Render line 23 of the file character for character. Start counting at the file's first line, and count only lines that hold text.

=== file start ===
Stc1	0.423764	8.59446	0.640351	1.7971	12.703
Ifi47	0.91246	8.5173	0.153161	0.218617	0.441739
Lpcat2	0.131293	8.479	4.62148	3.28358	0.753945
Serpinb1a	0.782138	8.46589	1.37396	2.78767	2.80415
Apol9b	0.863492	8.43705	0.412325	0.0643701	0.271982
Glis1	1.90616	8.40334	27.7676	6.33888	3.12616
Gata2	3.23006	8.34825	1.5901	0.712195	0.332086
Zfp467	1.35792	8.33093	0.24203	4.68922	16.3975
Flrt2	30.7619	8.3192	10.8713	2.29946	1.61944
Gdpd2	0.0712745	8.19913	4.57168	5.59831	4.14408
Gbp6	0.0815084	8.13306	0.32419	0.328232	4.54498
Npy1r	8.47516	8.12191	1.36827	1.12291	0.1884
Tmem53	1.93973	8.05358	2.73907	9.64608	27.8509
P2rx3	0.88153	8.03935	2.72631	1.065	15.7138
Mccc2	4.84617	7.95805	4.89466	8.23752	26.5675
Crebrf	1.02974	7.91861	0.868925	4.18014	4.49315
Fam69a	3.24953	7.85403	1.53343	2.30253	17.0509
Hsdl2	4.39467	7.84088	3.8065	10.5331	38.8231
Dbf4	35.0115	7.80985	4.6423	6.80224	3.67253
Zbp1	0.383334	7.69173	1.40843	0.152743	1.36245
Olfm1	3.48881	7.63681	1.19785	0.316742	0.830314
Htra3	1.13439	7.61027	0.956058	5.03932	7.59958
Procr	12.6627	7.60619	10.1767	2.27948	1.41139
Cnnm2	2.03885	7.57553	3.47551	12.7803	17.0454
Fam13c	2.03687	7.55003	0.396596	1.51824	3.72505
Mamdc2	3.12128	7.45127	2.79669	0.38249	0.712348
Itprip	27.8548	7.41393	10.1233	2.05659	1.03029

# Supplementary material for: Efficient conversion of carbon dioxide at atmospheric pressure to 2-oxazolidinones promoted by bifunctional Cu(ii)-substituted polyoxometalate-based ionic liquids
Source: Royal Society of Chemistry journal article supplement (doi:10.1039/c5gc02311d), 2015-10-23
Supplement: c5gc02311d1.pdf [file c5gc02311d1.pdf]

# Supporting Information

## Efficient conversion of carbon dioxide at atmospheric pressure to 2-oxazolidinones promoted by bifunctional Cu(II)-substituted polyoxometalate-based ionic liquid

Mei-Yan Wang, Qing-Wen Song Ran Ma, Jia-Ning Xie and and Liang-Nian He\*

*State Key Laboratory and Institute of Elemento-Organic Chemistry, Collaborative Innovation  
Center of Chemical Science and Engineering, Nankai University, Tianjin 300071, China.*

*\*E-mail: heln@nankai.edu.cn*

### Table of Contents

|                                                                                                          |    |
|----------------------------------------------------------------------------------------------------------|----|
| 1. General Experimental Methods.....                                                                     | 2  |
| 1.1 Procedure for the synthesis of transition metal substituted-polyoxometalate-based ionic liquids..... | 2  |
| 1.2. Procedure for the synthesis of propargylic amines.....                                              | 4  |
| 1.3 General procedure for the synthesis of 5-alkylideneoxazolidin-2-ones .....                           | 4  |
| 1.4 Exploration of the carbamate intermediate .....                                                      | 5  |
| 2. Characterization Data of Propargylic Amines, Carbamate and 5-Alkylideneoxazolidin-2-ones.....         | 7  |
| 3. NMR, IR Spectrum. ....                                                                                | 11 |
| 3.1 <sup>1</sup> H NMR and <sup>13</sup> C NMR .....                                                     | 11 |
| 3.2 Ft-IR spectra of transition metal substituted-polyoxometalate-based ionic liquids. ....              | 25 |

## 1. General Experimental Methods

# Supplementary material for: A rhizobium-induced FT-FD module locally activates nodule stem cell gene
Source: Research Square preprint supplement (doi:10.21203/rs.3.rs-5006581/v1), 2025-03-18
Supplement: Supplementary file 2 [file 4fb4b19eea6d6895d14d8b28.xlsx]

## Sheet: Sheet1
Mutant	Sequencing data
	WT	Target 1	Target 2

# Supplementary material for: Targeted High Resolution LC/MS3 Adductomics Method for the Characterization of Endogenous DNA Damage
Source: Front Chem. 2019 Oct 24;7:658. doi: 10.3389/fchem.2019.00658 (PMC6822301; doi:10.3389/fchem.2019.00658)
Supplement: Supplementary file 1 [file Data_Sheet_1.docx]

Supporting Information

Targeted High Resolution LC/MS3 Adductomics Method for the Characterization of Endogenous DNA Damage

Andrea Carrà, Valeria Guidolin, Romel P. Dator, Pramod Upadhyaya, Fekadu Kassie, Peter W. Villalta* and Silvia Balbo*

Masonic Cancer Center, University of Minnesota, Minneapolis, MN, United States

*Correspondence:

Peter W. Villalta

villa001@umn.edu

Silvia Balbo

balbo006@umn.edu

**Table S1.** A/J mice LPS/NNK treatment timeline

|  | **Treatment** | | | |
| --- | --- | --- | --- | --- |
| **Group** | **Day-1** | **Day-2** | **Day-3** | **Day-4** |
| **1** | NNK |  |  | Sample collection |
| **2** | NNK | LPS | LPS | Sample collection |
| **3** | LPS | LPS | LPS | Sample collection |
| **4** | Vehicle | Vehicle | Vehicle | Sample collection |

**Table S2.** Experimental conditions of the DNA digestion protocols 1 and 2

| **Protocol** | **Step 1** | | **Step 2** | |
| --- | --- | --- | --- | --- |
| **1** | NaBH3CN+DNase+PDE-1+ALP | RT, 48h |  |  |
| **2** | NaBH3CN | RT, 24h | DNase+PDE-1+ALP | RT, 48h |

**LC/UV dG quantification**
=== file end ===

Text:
Procr	12.6627	7.60619	10.1767	2.27948	1.41139